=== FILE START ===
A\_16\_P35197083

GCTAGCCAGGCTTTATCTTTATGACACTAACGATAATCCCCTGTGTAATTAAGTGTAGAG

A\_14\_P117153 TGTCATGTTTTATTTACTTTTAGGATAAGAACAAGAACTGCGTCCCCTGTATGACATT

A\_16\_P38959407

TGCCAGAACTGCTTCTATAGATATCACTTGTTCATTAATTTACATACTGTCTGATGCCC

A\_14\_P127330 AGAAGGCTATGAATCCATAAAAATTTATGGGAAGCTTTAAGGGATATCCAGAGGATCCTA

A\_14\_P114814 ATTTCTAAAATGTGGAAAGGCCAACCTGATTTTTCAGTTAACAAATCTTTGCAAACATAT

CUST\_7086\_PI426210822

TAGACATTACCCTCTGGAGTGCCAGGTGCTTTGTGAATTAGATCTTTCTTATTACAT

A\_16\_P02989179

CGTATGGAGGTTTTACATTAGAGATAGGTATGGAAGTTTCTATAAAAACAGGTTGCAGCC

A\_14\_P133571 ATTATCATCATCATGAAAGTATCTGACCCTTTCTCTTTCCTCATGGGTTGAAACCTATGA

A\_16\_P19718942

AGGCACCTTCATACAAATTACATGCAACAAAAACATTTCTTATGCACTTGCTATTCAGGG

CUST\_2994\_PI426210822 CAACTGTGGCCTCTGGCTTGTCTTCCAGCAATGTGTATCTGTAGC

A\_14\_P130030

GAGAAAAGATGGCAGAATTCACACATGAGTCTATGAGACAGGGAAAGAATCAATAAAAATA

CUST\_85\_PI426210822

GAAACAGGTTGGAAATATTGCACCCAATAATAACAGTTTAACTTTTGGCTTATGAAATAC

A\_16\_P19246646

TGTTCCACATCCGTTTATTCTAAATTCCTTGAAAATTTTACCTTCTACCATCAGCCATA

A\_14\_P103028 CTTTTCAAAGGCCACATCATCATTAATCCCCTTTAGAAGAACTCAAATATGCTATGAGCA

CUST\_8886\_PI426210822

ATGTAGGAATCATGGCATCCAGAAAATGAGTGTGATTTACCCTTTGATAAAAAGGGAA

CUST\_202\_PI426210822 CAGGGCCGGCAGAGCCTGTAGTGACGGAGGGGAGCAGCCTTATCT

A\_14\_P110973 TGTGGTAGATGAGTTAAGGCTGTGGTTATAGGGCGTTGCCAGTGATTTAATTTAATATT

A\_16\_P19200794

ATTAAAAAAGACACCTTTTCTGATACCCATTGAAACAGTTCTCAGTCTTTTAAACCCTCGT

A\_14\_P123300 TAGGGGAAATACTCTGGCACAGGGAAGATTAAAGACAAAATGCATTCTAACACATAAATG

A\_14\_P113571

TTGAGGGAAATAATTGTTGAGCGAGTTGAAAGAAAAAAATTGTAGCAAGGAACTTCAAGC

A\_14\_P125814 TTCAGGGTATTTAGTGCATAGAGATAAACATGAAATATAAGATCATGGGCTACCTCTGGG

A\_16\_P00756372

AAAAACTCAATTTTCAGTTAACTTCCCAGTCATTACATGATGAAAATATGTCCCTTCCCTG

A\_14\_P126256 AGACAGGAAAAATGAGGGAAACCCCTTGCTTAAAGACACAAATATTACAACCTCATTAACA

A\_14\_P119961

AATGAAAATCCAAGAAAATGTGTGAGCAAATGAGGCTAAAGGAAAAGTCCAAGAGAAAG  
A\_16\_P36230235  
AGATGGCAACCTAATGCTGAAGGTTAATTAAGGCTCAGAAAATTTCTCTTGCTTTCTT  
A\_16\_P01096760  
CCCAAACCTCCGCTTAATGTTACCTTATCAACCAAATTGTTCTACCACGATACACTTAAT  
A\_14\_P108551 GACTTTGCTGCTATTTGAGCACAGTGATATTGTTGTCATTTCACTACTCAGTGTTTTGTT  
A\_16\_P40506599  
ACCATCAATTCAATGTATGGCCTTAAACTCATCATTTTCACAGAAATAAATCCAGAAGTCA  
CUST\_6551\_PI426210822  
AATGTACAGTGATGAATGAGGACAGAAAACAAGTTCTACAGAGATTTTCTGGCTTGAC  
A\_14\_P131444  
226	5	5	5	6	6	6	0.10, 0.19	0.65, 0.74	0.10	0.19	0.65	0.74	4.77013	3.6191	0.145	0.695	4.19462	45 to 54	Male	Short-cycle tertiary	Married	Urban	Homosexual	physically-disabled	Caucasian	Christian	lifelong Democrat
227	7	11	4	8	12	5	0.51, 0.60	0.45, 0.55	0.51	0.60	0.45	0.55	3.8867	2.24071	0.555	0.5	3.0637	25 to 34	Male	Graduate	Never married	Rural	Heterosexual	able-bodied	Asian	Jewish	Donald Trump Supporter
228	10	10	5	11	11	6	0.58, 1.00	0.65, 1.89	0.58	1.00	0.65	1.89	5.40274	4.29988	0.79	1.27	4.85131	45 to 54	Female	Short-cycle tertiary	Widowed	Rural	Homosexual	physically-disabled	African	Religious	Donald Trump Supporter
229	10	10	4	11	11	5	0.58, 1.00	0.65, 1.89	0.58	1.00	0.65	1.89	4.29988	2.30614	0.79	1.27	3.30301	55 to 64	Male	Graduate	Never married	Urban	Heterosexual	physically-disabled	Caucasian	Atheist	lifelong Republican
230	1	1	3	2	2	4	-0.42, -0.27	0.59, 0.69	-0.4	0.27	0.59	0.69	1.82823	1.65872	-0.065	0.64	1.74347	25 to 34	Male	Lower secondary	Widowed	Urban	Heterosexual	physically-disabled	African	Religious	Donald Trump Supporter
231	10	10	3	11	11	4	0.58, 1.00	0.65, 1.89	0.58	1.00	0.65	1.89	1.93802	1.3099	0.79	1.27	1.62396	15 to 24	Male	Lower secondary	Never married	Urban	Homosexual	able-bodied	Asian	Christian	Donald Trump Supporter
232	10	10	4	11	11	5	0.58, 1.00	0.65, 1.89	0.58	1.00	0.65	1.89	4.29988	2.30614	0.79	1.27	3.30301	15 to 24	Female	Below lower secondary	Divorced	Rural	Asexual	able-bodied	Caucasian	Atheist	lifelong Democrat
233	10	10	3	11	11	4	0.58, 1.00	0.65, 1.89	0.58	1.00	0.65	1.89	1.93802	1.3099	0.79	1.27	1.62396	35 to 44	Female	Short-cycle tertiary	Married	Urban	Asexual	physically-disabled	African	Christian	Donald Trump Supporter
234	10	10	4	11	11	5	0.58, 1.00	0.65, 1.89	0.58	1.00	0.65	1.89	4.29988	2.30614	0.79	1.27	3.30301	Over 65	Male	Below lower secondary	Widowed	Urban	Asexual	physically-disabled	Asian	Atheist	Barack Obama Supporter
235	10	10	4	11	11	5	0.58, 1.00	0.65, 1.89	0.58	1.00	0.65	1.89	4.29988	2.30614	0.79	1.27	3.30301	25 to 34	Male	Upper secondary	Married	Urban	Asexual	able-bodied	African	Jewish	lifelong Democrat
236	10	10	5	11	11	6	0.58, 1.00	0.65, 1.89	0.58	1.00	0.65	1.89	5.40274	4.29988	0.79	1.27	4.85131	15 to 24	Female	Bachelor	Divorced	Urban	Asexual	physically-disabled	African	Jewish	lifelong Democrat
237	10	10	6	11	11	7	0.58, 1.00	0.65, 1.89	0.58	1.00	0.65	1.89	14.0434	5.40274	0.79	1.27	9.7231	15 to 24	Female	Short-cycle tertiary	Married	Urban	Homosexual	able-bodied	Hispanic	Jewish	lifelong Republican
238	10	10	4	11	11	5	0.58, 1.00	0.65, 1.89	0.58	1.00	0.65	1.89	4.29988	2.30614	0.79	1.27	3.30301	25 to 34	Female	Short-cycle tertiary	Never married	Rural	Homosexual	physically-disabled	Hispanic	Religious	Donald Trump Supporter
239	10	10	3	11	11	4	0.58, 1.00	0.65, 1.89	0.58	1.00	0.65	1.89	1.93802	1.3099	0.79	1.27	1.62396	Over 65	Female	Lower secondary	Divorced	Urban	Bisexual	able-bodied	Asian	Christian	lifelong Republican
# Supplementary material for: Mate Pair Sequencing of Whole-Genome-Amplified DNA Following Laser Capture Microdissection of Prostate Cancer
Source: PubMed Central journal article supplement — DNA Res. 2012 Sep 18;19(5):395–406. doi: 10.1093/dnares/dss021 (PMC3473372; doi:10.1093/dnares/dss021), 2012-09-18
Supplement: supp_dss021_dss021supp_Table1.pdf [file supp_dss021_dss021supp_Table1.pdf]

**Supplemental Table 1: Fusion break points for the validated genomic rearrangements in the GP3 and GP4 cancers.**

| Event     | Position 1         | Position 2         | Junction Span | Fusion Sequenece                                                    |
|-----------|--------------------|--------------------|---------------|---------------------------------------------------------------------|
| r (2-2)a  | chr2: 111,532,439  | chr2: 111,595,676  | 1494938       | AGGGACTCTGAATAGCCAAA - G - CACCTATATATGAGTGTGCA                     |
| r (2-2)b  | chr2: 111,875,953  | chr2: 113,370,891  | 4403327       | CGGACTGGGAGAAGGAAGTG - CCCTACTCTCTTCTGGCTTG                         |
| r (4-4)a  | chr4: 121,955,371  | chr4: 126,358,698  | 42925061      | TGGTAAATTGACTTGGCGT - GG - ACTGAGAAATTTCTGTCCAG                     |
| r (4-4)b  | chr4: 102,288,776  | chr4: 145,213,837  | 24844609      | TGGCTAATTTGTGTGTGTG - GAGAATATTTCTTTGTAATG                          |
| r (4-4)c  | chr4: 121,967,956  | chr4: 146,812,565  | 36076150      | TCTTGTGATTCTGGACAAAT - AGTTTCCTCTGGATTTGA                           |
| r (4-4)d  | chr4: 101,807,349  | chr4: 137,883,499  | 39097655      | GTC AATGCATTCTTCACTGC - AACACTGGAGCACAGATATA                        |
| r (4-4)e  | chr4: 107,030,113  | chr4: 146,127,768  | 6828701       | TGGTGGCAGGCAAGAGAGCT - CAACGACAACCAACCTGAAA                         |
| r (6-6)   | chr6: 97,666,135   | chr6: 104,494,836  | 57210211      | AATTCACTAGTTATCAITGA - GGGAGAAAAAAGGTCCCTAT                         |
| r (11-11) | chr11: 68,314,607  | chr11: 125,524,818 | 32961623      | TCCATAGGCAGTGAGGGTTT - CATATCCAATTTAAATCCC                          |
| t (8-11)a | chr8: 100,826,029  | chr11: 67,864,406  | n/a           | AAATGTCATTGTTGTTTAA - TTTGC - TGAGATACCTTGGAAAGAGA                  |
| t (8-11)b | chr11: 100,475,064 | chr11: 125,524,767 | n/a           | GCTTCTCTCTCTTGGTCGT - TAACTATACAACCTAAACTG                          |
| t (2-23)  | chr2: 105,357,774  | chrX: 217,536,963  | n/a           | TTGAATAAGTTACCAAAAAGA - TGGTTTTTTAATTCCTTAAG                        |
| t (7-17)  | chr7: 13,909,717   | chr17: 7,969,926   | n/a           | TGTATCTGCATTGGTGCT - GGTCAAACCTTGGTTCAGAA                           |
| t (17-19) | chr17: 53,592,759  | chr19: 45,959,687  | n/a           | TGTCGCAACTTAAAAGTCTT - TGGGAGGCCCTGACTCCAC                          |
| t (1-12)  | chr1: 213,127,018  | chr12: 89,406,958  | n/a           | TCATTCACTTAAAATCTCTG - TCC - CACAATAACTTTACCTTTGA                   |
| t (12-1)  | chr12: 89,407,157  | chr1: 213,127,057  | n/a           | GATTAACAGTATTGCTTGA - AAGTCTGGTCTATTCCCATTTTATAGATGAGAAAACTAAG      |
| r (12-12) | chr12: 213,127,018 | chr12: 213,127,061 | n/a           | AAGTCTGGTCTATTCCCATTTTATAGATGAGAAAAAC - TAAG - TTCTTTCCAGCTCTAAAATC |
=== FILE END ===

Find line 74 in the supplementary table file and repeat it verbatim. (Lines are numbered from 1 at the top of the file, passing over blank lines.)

| r (4-4)e  | chr4: 107,030,113  | chr4: 146,127,768  | 6828701       | TGGTGGCAGGCAAGAGAGCT - CAACGACAACCAACCTGAAA                         |